A half century ago, the Baby Boomer generation entered adulthood with plenty of energy and commitment to help make our world safer and better.  As they set forth to establish families of their own, careers and all of the rest, they faced some unexpected head winds.  The rapidity of technological change combined with growing economic and social divides put extraordinary pressure on these young families, and they became self-absorbed.

The direct socioeconomic impacts of American suburbanization didn’t really begin to take hold until the 1970’s.  The resulting economic and racial segregation shielded the next generation(s) of middle class young people growing up in suburbia, away from their less affluent peers who were left behind in urban neighborhoods. They lost touch with each other, not able to see common ground.

Somehow, things have begun to change for the positive.

Maybe Trump’s legacy will be as the unconscious ‘uniter’ of the people of good will — Americans who reject corruption, self-dealing and bullying — who regardless of hair color, height, weight, economics, gender, race, skin tone, religion, sexual orientation, learning and/or mobility differences, and many more… — refuse to participate in the Trump Swamp.

This emerging generation, evidenced by the Parkland students, are showing signs of unity under a new paradigm of The American Dream, where the principles of life, liberty and the pursuit of happiness are honestly and equitably recognized and applied.

To date, Trump has certainly distinguished himself as the polar opposite of genuine American values.

While it’s still too early to celebrate any victories, I am betting on the young people who have taken an active role in the March For Our Lives movement — and the millions of their supporters (average age 48!) — to continue to energize and inspire the vast majority of U.S. citizens and residents who want to see common sense prevail.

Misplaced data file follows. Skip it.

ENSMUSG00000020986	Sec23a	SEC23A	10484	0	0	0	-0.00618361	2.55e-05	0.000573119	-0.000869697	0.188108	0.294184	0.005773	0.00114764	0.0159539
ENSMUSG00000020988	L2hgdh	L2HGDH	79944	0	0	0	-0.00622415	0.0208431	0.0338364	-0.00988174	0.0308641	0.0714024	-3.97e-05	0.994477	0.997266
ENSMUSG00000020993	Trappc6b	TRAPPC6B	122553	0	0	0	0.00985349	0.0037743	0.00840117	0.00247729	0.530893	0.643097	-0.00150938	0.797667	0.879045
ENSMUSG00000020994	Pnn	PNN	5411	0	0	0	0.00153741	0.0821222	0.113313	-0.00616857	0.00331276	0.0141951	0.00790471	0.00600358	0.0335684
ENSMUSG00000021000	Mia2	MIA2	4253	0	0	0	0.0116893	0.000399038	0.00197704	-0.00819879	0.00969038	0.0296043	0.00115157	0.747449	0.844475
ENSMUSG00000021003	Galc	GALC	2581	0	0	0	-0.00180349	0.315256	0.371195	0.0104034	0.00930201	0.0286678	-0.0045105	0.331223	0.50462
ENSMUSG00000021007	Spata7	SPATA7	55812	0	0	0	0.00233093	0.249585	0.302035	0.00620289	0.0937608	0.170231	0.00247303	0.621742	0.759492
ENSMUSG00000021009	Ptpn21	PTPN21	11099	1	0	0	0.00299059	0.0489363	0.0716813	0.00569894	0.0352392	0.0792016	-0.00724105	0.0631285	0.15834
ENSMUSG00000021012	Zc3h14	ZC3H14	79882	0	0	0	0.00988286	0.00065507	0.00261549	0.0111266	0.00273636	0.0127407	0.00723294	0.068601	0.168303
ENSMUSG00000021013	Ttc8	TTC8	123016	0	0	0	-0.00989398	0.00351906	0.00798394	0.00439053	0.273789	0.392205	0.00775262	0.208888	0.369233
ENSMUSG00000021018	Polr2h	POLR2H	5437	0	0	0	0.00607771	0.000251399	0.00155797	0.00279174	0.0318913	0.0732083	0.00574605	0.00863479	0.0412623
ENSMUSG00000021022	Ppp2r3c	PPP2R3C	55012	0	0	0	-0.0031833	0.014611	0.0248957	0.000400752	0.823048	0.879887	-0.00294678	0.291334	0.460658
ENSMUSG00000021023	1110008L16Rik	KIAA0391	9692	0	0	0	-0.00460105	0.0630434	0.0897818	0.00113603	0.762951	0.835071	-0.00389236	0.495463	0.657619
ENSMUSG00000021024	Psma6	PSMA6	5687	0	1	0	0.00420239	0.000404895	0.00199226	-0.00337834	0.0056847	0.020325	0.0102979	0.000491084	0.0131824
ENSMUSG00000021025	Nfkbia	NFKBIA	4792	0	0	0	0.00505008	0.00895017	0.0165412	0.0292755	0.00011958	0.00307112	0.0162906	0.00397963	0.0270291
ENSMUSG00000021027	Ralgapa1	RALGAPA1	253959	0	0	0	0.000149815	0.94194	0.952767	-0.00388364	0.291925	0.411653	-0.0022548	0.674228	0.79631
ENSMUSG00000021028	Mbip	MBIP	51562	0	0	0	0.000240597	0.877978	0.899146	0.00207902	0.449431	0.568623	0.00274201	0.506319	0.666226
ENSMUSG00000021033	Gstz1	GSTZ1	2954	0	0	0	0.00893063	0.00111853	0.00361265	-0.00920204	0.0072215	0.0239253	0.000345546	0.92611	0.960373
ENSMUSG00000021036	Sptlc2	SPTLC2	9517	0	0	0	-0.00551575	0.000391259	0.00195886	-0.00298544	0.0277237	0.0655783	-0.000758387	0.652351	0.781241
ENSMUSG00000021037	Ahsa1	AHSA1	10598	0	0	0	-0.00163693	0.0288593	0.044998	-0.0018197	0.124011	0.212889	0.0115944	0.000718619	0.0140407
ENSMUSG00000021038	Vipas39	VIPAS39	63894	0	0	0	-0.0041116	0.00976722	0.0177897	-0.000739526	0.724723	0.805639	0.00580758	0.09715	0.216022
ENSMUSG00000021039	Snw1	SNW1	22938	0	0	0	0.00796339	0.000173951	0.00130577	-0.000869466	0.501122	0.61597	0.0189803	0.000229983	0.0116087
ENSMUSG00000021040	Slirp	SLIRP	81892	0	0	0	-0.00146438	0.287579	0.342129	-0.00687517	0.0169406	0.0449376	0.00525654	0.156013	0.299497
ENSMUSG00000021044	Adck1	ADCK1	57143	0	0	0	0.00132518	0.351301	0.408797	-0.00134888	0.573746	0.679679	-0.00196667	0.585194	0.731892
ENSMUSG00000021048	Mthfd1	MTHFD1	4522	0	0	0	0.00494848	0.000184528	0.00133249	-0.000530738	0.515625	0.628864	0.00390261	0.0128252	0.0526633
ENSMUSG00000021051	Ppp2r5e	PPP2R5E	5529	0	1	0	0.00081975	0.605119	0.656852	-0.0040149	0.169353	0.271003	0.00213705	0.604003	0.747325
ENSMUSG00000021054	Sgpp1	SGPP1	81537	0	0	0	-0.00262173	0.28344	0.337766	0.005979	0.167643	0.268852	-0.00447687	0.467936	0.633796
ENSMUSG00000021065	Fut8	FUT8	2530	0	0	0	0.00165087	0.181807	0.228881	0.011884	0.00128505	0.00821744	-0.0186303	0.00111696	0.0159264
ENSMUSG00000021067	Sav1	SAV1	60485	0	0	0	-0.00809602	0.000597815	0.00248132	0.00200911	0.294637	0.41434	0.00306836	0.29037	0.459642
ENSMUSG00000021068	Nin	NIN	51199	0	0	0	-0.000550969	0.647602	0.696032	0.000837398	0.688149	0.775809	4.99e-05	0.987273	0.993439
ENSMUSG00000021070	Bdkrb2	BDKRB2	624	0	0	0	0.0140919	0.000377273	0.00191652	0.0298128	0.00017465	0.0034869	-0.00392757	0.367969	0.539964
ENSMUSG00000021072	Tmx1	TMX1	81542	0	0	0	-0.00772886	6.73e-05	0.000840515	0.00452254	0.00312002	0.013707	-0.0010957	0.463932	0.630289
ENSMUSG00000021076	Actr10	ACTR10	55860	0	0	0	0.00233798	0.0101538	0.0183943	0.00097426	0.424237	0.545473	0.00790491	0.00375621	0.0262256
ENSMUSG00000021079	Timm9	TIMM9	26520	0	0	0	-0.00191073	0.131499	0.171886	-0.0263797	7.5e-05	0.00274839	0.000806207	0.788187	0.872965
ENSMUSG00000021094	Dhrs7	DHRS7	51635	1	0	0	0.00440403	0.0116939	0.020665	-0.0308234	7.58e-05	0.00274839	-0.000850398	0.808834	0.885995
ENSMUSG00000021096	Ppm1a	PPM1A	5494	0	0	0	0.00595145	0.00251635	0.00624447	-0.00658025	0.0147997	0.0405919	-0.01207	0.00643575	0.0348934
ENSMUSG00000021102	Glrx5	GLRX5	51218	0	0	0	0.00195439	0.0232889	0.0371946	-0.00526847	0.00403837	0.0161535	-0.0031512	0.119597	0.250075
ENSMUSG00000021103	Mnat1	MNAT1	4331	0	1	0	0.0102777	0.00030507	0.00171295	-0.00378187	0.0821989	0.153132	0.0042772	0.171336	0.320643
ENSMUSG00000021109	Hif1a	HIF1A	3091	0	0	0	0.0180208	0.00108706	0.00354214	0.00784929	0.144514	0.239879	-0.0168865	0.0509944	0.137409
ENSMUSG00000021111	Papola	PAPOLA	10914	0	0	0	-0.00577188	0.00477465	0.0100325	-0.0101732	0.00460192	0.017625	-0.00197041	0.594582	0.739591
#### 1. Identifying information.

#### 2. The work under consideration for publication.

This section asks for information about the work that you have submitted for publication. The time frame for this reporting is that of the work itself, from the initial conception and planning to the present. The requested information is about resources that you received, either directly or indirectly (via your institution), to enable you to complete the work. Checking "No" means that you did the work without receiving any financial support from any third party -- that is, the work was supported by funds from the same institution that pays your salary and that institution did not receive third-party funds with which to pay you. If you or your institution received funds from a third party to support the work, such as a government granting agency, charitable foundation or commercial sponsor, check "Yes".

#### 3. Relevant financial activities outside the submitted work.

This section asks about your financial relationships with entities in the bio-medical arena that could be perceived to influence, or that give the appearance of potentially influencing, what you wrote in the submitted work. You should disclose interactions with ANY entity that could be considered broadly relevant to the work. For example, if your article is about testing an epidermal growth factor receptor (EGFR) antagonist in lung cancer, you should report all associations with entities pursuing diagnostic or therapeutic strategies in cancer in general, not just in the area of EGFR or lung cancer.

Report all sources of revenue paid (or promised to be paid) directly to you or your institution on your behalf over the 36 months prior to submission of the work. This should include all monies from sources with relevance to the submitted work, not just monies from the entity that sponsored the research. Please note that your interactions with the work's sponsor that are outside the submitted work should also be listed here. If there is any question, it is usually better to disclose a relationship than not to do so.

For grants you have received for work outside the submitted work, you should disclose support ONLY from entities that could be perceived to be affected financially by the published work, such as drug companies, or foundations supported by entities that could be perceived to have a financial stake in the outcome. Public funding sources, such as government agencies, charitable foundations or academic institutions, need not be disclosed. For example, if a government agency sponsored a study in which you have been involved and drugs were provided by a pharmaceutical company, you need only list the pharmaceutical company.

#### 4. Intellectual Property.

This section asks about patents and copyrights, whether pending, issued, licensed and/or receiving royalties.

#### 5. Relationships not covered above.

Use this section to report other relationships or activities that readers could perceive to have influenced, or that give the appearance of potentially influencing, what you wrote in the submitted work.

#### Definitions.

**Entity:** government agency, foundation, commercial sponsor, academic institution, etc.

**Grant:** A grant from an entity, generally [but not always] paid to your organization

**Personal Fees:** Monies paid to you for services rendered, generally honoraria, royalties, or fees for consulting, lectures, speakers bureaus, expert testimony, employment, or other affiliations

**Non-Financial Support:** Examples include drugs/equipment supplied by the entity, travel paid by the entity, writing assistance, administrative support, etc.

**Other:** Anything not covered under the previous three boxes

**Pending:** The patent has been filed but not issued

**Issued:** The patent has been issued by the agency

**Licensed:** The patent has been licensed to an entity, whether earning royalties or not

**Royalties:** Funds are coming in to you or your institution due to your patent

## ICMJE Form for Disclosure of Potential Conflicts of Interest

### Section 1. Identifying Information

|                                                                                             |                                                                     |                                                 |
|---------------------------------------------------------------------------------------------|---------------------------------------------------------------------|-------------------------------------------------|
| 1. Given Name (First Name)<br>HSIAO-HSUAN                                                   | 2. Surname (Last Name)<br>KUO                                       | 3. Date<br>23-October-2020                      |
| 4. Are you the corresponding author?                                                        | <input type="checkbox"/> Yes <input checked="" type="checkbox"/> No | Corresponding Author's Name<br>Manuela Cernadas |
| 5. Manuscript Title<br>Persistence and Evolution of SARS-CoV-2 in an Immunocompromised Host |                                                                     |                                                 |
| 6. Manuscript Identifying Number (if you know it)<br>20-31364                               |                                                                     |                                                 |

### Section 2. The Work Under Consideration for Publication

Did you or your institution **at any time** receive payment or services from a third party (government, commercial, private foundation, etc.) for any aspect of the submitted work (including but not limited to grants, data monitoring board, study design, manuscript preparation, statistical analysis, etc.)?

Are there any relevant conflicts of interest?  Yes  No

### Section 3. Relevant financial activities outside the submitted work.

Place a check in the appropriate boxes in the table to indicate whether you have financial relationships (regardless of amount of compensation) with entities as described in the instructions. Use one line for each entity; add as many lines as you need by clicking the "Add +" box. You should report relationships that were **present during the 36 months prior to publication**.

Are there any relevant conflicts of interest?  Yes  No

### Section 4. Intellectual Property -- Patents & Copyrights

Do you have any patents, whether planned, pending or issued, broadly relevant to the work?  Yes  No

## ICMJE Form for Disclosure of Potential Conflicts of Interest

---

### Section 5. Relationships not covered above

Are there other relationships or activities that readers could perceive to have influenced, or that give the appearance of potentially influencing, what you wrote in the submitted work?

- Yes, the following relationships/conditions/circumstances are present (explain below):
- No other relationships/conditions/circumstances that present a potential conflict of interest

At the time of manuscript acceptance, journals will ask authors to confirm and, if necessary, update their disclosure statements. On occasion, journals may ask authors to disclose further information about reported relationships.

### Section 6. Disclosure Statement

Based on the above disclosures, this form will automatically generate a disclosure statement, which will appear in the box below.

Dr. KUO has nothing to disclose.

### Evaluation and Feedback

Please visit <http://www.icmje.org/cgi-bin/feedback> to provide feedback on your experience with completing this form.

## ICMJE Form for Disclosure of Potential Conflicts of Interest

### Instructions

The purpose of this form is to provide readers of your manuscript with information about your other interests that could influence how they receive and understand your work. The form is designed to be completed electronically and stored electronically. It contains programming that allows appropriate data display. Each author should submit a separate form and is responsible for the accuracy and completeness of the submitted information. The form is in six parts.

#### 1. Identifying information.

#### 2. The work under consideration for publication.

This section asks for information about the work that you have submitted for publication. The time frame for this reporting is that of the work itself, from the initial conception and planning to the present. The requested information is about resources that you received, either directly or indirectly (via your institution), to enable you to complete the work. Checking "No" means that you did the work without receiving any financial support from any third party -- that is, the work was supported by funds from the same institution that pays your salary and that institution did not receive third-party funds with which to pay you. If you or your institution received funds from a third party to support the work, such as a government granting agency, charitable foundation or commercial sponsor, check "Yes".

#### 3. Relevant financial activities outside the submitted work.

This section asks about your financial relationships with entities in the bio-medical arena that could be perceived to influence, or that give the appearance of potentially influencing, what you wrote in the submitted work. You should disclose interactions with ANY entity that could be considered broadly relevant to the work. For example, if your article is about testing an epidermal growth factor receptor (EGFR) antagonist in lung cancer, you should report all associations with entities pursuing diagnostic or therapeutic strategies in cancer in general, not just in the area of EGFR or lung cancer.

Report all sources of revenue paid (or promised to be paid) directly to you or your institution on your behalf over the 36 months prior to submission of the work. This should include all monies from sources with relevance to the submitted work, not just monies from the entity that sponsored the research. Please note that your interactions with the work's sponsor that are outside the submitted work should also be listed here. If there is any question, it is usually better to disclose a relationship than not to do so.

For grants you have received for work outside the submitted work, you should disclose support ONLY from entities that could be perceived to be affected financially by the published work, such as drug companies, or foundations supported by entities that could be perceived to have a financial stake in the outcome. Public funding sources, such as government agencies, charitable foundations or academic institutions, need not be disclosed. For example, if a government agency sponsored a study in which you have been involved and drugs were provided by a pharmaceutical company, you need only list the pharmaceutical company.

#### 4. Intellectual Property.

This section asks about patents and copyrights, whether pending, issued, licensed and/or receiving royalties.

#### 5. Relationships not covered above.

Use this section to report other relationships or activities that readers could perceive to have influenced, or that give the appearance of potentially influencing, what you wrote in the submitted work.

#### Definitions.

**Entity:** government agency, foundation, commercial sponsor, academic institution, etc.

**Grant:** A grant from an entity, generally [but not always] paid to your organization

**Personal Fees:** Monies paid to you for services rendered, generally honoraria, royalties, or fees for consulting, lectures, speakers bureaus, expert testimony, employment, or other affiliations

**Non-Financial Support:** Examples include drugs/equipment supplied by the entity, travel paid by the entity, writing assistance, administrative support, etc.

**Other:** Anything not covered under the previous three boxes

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The majority of us know Saint Patrick as the Patron Saint of Ireland, and each year, many of us celebrate his Day — March 17.

Saint Patrick was active as a missionary in Ireland during the second half of the fifth century  — and each year which passes makes his legacy a wee bit more fascinating and powerful!

The Walrus — descended from primarily Irish heritage — has heard many stories of great and grand Irish heroes.

One individual we generally don’t talk about is Sir Charles Trevelyan, a 19th century British bureaucrat who worked as a colonial administrator. Trevelyan is remembered in the annals of history as the individual who was charged with administering relief to the many thousands of Irish peasants who were left starving due to the impact of The Great Famine.

About one million lives were lost to the Famine.  At it’s peak, Trevelyan described the Famine as an “effective mechanism for reducing surplus population” and “the judgment of God”.

“Dependence on charity,” Trevelyan said, “is not to be made an agreeable mode of life.”

Fast forward to the 21st century: the year 2014 to be exact.

Paul Ryan, a fifth generation Irish American, is a congressman from Wisconsin.  In a speech during the summer of 2012, Paul Ryan said, “You know, back in the 1850s, the potatoes stopped growing in Ireland, so our great-great-grandfather, with the shirt on his back, made his way to Boston, worked his way on the railroad to get enough money to buy a farm.”

Today, Saint Patrick’s Day 2014, is a heavy day because Paul Ryan has besmirched the Irish people with his arrogant and dismissive talk about school lunch programs, suggesting that supporting programs to feed hungry children might create a setting which could result in ‘a full stomach and an empty soul’ in the very children it was expected to benefit.  And, he has gone on to chastise “inner city men” who he claims are not even thinking about working or learning the value and the culture of work.

It is disappointing — that in losing sight of his past — Paul Ryan has distanced himself from the very realities of human behavior gone awry.

This is not a new or unique situation.